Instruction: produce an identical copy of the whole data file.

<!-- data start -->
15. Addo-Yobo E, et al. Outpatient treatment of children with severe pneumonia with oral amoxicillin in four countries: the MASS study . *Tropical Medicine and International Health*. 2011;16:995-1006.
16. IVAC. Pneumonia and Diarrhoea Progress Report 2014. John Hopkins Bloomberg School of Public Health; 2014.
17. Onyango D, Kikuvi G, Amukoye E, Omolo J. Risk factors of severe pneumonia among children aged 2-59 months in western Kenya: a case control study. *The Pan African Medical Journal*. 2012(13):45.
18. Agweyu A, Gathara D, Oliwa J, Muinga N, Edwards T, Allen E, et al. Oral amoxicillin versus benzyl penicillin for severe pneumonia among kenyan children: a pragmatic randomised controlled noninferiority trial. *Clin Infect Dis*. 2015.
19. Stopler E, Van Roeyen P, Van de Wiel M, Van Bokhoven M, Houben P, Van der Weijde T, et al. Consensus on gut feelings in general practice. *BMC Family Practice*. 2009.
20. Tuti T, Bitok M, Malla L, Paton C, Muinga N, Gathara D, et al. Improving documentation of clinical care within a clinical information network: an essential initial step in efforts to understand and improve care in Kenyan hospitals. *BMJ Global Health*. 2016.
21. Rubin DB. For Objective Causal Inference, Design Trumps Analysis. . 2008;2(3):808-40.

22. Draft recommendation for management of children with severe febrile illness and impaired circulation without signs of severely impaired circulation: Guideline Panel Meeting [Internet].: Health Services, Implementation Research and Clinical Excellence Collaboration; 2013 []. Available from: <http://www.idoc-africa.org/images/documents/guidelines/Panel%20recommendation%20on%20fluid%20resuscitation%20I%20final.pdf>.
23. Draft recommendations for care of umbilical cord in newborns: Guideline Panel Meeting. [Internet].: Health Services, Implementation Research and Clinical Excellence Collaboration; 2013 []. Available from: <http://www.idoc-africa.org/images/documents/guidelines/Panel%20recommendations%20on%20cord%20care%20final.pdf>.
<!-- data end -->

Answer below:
15. Addo-Yobo E, et al. Outpatient treatment of children with severe pneumonia with oral amoxicillin in four countries: the MASS study . *Tropical Medicine and International Health*. 2011;16:995-1006.
16. IVAC. Pneumonia and Diarrhoea Progress Report 2014. John Hopkins Bloomberg School of Public Health; 2014.
17. Onyango D, Kikuvi G, Amukoye E, Omolo J. Risk factors of severe pneumonia among children aged 2-59 months in western Kenya: a case control study. *The Pan African Medical Journal*. 2012(13):45.
18. Agweyu A, Gathara D, Oliwa J, Muinga N, Edwards T, Allen E, et al. Oral amoxicillin versus benzyl penicillin for severe pneumonia among kenyan children: a pragmatic randomised controlled noninferiority trial. *Clin Infect Dis*. 2015.
19. Stopler E, Van Roeyen P, Van de Wiel M, Van Bokhoven M, Houben P, Van der Weijde T, et al. Consensus on gut feelings in general practice. *BMC Family Practice*. 2009.
20. Tuti T, Bitok M, Malla L, Paton C, Muinga N, Gathara D, et al. Improving documentation of clinical care within a clinical information network: an essential initial step in efforts to understand and improve care in Kenyan hospitals. *BMJ Global Health*. 2016.
21. Rubin DB. For Objective Causal Inference, Design Trumps Analysis. . 2008;2(3):808-40.

22. Draft recommendation for management of children with severe febrile illness and impaired circulation without signs of severely impaired circulation: Guideline Panel Meeting [Internet].: Health Services, Implementation Research and Clinical Excellence Collaboration; 2013 []. Available from: <http://www.idoc-africa.org/images/documents/guidelines/Panel%20recommendation%20on%20fluid%20resuscitation%20I%20final.pdf>.
23. Draft recommendations for care of umbilical cord in newborns: Guideline Panel Meeting. [Internet].: Health Services, Implementation Research and Clinical Excellence Collaboration; 2013 []. Available from: <http://www.idoc-africa.org/images/documents/guidelines/Panel%20recommendations%20on%20cord%20care%20final.pdf>.